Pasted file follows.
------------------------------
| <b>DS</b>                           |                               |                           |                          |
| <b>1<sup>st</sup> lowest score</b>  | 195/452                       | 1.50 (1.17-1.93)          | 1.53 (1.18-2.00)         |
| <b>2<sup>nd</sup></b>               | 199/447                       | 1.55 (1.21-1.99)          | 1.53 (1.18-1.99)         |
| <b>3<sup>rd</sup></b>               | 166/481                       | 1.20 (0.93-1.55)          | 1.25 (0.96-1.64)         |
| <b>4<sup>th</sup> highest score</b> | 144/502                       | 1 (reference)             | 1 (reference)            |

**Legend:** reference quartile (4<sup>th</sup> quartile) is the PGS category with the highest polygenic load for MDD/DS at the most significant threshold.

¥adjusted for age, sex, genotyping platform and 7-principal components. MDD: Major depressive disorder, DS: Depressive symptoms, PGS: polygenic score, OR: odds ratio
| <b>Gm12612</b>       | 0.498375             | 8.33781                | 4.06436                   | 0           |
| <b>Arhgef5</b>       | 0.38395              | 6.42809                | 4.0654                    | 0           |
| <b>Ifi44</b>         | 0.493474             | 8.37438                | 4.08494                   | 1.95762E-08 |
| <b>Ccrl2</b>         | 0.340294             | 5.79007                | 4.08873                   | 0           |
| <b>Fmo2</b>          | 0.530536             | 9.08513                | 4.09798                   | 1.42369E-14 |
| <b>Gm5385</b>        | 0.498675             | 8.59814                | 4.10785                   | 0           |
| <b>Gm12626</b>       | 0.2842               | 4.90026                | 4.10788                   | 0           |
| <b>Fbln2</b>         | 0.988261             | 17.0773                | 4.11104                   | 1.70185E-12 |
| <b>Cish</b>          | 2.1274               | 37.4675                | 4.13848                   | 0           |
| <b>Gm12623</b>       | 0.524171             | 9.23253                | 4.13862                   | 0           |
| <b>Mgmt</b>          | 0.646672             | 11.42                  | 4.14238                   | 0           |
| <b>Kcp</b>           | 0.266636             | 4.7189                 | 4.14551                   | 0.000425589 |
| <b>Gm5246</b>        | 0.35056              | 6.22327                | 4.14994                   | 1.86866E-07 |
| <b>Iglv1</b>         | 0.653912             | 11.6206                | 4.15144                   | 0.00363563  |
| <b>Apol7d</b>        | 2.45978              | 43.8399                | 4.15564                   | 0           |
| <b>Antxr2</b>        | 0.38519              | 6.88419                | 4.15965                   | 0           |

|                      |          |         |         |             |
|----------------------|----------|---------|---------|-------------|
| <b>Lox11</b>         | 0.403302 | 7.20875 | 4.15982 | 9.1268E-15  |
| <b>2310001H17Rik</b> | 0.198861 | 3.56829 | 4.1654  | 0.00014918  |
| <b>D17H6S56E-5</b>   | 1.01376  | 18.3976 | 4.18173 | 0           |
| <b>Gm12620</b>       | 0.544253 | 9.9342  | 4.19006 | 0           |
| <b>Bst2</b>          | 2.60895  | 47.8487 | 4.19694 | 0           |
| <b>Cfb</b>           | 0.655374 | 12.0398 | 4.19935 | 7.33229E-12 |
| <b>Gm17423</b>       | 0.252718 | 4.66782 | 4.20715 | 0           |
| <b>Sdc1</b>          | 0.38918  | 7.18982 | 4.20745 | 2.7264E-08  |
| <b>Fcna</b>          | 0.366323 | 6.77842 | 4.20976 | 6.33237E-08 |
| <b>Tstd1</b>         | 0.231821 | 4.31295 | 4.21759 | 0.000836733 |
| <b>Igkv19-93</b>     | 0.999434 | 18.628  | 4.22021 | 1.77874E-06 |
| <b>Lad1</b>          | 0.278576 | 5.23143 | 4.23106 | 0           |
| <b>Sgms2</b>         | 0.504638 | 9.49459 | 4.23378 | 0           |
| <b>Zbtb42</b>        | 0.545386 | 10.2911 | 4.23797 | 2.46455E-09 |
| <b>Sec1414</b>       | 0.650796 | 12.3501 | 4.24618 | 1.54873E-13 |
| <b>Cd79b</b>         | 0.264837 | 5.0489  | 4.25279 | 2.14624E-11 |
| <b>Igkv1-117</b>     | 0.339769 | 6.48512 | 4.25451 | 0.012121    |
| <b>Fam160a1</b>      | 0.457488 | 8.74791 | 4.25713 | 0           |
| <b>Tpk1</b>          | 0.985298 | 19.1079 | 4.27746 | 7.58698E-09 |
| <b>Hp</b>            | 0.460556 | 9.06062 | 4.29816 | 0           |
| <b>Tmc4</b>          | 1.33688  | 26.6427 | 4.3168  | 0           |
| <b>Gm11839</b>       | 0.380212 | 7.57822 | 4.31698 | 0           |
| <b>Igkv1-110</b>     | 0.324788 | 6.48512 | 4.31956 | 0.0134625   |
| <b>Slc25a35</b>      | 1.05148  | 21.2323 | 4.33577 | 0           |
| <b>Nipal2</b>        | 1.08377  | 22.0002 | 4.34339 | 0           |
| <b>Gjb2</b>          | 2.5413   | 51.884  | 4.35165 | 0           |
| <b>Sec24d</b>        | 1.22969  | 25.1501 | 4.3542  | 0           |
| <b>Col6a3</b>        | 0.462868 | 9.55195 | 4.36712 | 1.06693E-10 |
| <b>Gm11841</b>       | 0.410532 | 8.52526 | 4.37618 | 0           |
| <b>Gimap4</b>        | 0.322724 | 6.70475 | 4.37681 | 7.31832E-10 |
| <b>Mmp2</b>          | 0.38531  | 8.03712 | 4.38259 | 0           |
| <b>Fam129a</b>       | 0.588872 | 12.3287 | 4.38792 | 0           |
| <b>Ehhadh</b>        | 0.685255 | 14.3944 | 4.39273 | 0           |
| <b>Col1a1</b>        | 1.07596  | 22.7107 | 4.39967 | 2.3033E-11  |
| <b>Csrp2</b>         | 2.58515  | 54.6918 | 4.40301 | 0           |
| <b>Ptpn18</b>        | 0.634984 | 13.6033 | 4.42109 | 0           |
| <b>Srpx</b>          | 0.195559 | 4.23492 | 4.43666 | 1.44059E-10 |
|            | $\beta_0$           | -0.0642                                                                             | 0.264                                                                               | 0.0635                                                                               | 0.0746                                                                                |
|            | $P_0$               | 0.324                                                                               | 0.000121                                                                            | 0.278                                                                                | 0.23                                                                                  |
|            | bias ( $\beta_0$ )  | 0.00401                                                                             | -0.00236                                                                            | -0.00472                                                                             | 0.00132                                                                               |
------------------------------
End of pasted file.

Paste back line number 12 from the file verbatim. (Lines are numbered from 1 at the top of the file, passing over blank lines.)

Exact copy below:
| <b>Fmo2</b>          | 0.530536             | 9.08513                | 4.09798                   | 1.42369E-14 |